Like most Xennials – the microgeneration caught between jaded Gen-Xers and chirpy Millennials – my first exposure to Queen came in the early 1990s, when after being featured in the greatest comedy of all time, Bohemian Rhapsody catapulted to the top of the charts, and even more importantly, KJ-103’s Hot Eight at 8.
Since then, I’ve always been a Queen “Greatest Hits” fan. I can’t name their deep tracks or B-sides, but I could always sing along to Another One Bites the Dust or Bicycle Race or Fat Bottom Girls whenever they were played on KRXO. Hell, I’ve even been known to randomly bust out a perfectly timed and choreographed We Will Rock You chant at an OU football watch party. You had to be there.
Knowing all this, I eagerly watched Bohemian Rhapsody this past weekend when it became available on iTunes. For the most part, it’s your typical musical biopic – a flat, historically inaccurate, two-hour semi-fabricated CliffsNotes reenactment of the band’s highlights and lowlights.
Disappointed with the film, I went on a late-night Internet dive into all things Queen. I guess I wasn’t the only one:
Watched “Bohemian Rhapsody” last night, then found these pics online from Queen’s 1980 performance at the Myriad in OKC (now known as the Cox Center).
— Mayor David Holt (@davidfholt) February 19, 2019
Yep, Mayor McSelfie and I have the same Internet tendencies. That’s creepy.
Always a sucker for nostalgia, I went searching for the photos that Holt posted. They were actually from the band’s 1982 “Hot Face – Rock N America” tour stop at the Myriad, featuring strokin’ opening act Billy Squire. I was 4 years old at the time and couldn’t make it.
The website Queen Concerts has a bunch of photos of the show, as well as scans of ticket stubs, backstage passes, etc. Here’s a sampling:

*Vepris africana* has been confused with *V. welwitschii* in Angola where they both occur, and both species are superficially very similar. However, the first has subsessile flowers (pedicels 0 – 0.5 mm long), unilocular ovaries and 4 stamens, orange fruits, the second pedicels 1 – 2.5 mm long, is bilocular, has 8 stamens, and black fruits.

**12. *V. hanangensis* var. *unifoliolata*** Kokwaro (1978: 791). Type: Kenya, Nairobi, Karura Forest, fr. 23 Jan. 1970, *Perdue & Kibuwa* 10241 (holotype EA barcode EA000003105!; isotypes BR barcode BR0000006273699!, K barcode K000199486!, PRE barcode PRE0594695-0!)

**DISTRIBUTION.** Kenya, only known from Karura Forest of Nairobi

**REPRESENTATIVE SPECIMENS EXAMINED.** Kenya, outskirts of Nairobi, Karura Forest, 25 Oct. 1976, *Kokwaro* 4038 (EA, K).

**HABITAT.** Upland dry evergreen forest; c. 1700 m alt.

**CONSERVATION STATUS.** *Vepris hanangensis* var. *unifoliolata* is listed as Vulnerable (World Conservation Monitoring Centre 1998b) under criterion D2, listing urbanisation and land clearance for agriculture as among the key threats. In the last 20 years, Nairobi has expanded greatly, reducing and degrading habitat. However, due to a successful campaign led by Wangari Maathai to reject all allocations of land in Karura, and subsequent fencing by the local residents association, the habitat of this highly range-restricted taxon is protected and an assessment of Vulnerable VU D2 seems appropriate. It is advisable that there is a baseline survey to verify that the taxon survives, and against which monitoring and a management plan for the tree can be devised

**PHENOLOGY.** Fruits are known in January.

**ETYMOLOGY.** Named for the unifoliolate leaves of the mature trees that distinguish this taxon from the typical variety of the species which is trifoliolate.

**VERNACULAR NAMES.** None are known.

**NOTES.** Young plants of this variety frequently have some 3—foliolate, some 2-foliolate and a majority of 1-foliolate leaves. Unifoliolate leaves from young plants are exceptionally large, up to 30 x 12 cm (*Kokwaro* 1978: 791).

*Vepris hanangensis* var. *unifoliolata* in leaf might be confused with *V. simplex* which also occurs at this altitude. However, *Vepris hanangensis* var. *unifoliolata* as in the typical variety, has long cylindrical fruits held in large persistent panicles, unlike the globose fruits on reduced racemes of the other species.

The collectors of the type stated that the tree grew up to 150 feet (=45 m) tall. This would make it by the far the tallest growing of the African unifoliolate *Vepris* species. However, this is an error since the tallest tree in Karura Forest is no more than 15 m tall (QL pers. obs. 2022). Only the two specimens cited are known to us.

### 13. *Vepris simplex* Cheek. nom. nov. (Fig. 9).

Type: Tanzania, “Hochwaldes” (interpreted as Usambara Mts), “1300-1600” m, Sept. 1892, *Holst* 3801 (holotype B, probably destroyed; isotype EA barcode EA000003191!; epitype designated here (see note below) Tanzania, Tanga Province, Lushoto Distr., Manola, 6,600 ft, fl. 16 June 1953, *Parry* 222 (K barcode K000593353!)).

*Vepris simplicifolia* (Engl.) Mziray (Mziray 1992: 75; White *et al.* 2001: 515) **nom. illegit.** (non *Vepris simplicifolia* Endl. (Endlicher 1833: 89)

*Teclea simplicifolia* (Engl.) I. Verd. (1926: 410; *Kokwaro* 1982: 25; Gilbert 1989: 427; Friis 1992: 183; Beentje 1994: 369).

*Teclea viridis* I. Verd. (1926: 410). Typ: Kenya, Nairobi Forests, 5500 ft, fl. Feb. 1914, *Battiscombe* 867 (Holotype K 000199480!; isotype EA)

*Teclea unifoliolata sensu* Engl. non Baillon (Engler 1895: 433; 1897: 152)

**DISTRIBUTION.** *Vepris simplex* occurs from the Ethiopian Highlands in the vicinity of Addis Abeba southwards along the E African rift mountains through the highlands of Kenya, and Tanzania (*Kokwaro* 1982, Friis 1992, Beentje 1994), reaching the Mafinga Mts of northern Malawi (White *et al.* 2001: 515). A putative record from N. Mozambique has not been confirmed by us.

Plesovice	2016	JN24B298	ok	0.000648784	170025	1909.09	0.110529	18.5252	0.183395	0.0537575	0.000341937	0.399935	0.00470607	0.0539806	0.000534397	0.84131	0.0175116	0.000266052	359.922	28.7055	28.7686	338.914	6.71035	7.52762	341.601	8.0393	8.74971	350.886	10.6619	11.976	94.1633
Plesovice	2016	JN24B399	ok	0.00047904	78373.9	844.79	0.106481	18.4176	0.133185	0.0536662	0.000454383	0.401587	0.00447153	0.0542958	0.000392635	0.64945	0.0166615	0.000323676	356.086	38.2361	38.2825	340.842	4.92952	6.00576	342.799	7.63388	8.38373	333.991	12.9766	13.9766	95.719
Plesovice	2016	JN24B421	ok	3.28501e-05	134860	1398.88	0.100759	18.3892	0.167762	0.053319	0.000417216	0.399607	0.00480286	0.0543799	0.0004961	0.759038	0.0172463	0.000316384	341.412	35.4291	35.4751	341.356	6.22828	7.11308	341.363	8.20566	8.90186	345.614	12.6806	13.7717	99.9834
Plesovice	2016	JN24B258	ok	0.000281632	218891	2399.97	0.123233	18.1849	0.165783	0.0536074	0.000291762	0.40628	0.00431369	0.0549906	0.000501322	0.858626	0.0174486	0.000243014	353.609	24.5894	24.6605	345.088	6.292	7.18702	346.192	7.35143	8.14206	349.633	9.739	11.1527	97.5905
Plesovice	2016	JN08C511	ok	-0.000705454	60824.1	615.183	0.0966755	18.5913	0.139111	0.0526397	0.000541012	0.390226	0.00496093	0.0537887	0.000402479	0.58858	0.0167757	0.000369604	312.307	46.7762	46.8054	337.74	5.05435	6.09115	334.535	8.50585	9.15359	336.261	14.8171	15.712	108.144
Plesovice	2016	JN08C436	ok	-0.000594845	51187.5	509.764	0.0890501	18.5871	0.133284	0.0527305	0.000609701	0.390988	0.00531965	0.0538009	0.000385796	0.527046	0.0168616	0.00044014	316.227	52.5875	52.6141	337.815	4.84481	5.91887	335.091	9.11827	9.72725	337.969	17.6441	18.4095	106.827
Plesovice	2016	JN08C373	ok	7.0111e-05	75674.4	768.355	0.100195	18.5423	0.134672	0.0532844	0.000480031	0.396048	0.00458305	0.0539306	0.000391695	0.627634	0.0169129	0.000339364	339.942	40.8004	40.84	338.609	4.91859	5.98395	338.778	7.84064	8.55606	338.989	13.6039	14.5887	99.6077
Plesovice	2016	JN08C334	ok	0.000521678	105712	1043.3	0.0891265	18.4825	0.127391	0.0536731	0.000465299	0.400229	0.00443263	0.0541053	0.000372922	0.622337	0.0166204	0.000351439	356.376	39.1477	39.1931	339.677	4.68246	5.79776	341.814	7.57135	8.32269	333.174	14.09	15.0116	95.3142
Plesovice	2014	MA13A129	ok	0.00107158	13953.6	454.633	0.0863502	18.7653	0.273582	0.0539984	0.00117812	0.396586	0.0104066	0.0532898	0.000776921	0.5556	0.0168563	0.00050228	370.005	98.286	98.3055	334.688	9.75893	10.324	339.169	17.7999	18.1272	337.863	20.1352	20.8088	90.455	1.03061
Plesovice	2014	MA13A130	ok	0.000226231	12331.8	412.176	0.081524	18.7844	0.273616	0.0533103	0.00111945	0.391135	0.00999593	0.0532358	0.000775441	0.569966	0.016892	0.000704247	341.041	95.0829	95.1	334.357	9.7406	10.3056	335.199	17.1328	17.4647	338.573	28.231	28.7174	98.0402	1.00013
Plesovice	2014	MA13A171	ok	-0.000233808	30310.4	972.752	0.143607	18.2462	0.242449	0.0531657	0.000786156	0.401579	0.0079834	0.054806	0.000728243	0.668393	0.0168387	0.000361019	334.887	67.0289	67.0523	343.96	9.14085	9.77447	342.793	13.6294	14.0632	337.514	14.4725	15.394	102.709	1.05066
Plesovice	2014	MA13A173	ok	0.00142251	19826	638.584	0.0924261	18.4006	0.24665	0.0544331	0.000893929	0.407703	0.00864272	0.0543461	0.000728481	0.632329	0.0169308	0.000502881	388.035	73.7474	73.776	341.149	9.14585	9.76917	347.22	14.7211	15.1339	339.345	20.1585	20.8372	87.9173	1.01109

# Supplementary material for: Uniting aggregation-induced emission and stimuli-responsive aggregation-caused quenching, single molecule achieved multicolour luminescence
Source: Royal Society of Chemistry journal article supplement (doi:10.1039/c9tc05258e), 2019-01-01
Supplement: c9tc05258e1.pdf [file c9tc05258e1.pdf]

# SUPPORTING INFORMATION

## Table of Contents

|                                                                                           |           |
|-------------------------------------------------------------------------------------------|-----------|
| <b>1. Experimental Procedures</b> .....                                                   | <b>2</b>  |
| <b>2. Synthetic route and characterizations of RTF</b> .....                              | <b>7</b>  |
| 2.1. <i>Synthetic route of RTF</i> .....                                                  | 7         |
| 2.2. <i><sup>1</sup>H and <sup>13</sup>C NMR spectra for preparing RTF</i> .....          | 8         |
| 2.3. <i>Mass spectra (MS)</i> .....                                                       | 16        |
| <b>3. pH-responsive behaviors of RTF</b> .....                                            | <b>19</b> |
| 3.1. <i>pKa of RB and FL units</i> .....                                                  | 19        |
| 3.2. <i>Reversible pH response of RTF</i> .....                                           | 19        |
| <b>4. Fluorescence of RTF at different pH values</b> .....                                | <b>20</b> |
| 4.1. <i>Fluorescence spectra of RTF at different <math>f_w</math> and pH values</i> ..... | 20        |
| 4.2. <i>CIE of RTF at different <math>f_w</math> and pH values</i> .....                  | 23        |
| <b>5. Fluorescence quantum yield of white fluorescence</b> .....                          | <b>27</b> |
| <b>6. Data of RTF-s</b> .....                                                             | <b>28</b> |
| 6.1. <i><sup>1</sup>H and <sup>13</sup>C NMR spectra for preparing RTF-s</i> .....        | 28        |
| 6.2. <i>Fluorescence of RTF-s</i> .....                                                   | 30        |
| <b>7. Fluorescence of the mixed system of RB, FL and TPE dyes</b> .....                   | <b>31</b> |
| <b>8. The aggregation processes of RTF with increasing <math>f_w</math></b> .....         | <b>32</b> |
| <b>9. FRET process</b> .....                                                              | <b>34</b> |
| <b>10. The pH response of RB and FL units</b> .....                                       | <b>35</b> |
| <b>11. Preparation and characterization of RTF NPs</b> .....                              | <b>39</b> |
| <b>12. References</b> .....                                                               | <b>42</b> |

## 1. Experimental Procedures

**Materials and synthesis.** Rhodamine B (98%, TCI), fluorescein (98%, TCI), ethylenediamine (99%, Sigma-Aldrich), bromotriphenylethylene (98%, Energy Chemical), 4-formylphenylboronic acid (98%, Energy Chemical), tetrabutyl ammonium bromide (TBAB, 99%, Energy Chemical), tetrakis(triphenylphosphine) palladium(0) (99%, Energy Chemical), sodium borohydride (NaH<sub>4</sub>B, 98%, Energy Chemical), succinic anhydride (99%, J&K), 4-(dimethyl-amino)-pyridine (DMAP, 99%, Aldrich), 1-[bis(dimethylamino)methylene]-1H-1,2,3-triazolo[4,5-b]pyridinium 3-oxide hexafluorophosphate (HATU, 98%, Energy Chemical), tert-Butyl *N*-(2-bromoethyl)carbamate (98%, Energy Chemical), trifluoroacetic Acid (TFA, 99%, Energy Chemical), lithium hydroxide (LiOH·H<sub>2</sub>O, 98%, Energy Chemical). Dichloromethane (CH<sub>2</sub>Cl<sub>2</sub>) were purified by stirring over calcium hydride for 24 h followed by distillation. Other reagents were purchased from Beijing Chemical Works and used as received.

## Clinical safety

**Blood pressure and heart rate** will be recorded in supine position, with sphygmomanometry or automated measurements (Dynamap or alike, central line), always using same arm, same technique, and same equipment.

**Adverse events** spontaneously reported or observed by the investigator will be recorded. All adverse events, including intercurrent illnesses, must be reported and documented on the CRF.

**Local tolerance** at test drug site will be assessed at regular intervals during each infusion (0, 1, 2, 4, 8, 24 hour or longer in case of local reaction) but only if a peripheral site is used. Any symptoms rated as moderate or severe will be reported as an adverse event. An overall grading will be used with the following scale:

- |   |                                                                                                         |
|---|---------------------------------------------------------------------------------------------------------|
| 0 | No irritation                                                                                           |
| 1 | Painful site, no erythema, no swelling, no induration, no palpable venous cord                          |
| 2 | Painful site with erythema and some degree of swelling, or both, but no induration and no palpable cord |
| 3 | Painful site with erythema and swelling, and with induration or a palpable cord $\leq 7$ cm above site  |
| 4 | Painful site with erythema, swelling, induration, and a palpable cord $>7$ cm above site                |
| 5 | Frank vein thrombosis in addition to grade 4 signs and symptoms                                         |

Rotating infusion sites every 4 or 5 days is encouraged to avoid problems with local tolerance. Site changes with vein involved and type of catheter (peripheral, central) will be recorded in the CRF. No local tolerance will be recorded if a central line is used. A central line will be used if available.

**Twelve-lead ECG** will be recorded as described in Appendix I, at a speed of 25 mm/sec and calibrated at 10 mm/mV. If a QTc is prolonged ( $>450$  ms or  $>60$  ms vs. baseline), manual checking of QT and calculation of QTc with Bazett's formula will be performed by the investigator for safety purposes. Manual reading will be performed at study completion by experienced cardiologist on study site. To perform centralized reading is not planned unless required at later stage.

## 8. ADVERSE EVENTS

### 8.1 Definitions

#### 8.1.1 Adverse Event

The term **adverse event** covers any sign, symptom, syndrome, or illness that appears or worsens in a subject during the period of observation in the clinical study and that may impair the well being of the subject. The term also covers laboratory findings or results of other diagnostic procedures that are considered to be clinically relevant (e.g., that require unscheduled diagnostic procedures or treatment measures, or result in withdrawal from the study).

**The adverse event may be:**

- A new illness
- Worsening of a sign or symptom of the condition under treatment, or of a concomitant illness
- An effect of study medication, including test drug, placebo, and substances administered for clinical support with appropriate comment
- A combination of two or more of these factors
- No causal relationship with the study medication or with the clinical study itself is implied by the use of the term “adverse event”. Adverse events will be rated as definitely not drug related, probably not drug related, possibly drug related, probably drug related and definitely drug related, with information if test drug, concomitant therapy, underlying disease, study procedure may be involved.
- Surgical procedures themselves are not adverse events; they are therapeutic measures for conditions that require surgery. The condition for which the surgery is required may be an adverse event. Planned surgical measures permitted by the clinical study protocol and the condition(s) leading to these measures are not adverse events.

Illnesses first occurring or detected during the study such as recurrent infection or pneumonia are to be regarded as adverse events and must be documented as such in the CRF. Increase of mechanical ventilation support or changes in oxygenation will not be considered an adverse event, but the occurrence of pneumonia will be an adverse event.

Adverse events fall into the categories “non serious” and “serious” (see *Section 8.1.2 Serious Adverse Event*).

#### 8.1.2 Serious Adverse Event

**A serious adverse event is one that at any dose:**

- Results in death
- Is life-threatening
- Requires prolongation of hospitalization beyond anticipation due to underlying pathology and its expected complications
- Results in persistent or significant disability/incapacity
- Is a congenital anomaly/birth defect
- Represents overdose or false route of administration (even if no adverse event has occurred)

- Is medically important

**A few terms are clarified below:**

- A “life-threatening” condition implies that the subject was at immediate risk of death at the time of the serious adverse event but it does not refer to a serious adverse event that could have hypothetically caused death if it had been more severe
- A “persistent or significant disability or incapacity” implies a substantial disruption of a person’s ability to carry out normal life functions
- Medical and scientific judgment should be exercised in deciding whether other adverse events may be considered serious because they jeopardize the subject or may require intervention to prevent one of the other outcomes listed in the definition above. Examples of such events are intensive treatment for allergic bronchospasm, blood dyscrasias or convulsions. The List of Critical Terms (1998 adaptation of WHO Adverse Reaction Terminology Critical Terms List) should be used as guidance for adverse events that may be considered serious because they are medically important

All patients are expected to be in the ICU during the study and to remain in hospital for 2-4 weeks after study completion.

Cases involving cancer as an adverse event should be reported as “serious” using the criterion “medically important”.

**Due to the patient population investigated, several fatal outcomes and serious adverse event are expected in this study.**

According to the inflation calculator, that $12 ticket would be $31.51 today. That doesn’t include today’s tacked on fees, which would probably bump the price up to $75, which still seems like a bargain.
For giggles, I hopped in The Oklahoman’s archive to see if they had anything about the show. They actually did! I guess ole’ E.K. didn’t know Freddie was bisexual.
Check out this concert review that was written by a guy named Eric Minton, who’s apparently now an expert in all things Bard…
Here’s some maybe-easier-to-read text. Outside of Brian May’s solos, Eric seemed to like the show:
The 1982 concert was Queen’s last stop in Oklahoma City, but not their first. In 1974, they opened for something called Mott The Hoople at the (Steve Lackmeyer will correct me if I’m wrong) now demolished State Fairgrounds Appliance Building:
Queen also played the Myriad in August of 1980. Here are some photos and memorabilia from the show:
Anyway, I guess this concludes this timely and topical dive into OKC music nostalgia. If you want to fall into a Queen wormhole, stop by QueenConcerts.com. They have you covered. If you want to watch Rami Malek perform a two-hour SNL-caliber impersonation of Freddie Mercury, go watch Bohemian Rhapsody.